To demonstrate set union and intersection to her class, Mrs. Putnam asked for three students to each write down a set of numbers.

After they had done so, she looked at their sets and told the class, "the union of these three sets is the first ten counting numbers, but their intersection is empty!"

How many triples (A, B, C) of sets are there such that

`A `U` B `U C = {1, 2, 3, 4, 5, 6, 7, 8, 9, 10}

and

`A ∩ B ∩ C = {}` ?

Since there are three sets, a number can be in two of them and still not be in the intersection of all three. Then, for any one interger, there are six different ways it can be found among A, B, and C: only in A, only in B, only in C, in A and B, in A and C, in B and C.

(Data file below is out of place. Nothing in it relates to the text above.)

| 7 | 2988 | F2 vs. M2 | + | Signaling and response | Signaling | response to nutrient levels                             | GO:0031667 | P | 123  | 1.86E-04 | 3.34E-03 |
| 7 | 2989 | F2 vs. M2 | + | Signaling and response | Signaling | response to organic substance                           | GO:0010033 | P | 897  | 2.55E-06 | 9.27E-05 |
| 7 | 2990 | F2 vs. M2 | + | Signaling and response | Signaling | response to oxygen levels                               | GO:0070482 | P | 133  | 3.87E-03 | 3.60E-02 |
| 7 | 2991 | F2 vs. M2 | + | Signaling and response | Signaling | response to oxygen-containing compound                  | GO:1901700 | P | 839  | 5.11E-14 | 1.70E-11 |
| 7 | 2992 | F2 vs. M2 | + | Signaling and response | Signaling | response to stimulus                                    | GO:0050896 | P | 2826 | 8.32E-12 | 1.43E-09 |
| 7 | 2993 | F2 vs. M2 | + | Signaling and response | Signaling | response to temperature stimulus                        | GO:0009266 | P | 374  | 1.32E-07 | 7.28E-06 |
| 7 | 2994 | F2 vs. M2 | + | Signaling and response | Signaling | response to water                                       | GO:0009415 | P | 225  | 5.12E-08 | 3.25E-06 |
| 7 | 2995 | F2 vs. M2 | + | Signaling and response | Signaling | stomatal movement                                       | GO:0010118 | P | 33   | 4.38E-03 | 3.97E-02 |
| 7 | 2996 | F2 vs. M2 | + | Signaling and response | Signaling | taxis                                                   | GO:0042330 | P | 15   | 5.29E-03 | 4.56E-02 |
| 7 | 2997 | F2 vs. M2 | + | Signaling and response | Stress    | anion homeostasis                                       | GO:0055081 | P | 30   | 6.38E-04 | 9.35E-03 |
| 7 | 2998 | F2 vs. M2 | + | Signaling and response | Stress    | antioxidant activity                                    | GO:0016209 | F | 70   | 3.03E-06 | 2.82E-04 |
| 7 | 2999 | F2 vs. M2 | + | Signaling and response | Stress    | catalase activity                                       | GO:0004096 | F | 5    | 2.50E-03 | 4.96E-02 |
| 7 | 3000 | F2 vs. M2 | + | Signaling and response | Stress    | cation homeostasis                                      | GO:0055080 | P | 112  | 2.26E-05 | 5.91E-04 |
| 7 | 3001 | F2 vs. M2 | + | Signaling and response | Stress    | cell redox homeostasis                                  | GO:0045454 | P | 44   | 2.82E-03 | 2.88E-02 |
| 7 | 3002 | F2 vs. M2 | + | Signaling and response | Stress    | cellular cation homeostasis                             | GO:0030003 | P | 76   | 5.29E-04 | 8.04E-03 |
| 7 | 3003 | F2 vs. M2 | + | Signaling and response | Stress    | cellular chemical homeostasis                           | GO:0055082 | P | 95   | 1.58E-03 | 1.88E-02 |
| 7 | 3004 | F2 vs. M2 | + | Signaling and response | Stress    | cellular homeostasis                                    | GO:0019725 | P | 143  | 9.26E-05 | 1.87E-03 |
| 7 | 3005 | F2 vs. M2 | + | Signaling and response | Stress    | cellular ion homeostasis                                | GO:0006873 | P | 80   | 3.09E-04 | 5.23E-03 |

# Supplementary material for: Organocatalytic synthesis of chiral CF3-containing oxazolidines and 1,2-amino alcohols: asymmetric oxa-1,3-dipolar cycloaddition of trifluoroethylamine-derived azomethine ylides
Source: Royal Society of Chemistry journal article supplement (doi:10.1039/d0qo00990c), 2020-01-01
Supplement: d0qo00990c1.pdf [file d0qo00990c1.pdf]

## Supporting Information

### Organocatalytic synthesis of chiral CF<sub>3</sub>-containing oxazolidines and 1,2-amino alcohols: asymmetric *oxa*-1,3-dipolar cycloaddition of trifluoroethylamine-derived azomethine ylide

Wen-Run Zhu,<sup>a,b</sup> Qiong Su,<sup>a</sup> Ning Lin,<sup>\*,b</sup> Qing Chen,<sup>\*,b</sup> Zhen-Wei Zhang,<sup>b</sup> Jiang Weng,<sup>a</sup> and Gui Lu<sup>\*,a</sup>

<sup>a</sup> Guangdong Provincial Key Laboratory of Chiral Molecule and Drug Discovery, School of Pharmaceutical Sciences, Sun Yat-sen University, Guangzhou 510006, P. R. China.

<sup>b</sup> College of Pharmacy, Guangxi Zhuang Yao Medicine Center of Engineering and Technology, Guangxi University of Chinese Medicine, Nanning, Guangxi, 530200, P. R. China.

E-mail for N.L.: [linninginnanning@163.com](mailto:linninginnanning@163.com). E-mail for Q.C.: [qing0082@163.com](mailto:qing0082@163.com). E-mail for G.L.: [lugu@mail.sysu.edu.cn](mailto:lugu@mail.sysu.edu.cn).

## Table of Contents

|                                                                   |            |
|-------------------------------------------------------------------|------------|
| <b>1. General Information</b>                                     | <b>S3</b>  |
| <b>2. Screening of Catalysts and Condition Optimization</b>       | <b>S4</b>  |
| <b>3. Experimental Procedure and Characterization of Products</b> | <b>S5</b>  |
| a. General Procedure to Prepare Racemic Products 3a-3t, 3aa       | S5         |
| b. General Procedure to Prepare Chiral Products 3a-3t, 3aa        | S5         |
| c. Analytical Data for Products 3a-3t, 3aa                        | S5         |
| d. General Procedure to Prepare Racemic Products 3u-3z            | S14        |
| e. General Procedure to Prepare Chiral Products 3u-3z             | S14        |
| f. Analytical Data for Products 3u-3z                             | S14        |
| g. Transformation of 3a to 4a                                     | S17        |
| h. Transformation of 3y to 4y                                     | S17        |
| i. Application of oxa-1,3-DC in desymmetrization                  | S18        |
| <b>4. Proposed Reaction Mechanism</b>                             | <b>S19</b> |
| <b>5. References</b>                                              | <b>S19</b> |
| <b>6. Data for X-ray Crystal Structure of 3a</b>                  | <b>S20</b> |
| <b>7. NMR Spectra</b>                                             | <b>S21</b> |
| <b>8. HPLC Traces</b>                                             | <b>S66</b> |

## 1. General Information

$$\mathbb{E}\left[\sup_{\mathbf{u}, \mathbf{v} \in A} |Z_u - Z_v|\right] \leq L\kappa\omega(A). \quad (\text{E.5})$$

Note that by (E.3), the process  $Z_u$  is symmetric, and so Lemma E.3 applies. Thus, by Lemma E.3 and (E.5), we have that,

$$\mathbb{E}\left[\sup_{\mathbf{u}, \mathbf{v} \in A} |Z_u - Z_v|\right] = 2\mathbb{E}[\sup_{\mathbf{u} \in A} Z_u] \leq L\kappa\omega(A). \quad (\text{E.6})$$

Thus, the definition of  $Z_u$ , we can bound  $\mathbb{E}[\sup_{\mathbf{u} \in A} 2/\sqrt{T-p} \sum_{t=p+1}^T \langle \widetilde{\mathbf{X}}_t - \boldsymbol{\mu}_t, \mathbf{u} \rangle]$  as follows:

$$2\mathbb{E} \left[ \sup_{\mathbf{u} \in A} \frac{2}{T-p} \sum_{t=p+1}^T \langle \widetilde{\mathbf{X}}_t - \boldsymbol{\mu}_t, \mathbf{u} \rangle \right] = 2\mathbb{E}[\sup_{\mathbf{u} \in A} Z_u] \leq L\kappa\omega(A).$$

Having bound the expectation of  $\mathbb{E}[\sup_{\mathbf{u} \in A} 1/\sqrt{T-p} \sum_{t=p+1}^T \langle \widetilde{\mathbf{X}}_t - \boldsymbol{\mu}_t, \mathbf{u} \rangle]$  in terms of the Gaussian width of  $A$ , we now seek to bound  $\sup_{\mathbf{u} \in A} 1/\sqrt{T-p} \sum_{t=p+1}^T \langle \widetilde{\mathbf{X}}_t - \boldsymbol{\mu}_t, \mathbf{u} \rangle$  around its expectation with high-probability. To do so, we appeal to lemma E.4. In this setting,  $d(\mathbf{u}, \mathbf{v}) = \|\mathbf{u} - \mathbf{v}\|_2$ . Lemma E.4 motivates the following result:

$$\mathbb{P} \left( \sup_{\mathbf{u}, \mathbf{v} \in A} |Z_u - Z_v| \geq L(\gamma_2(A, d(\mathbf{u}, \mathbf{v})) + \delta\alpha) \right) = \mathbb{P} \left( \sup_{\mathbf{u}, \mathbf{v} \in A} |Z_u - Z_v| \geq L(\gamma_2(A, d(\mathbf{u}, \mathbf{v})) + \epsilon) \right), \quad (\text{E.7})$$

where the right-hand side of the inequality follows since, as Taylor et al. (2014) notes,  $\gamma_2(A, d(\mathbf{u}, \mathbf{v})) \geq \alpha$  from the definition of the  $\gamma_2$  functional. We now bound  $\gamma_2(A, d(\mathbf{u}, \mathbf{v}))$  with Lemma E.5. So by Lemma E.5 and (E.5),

In total there are 6^10 =

**60466176** possible triplets (A, B, and C).

This number includes empty sets. There are 3^10 triplets with A empty, likewise for B and C. The set with A, B empty was counted twice, likewise with A, C and B, C.

The total number of triplets with empty sets is 3*3^10-3 = 177144

The total number of triplets with no empty sets is 60466176 - 177144 =

**60289032**.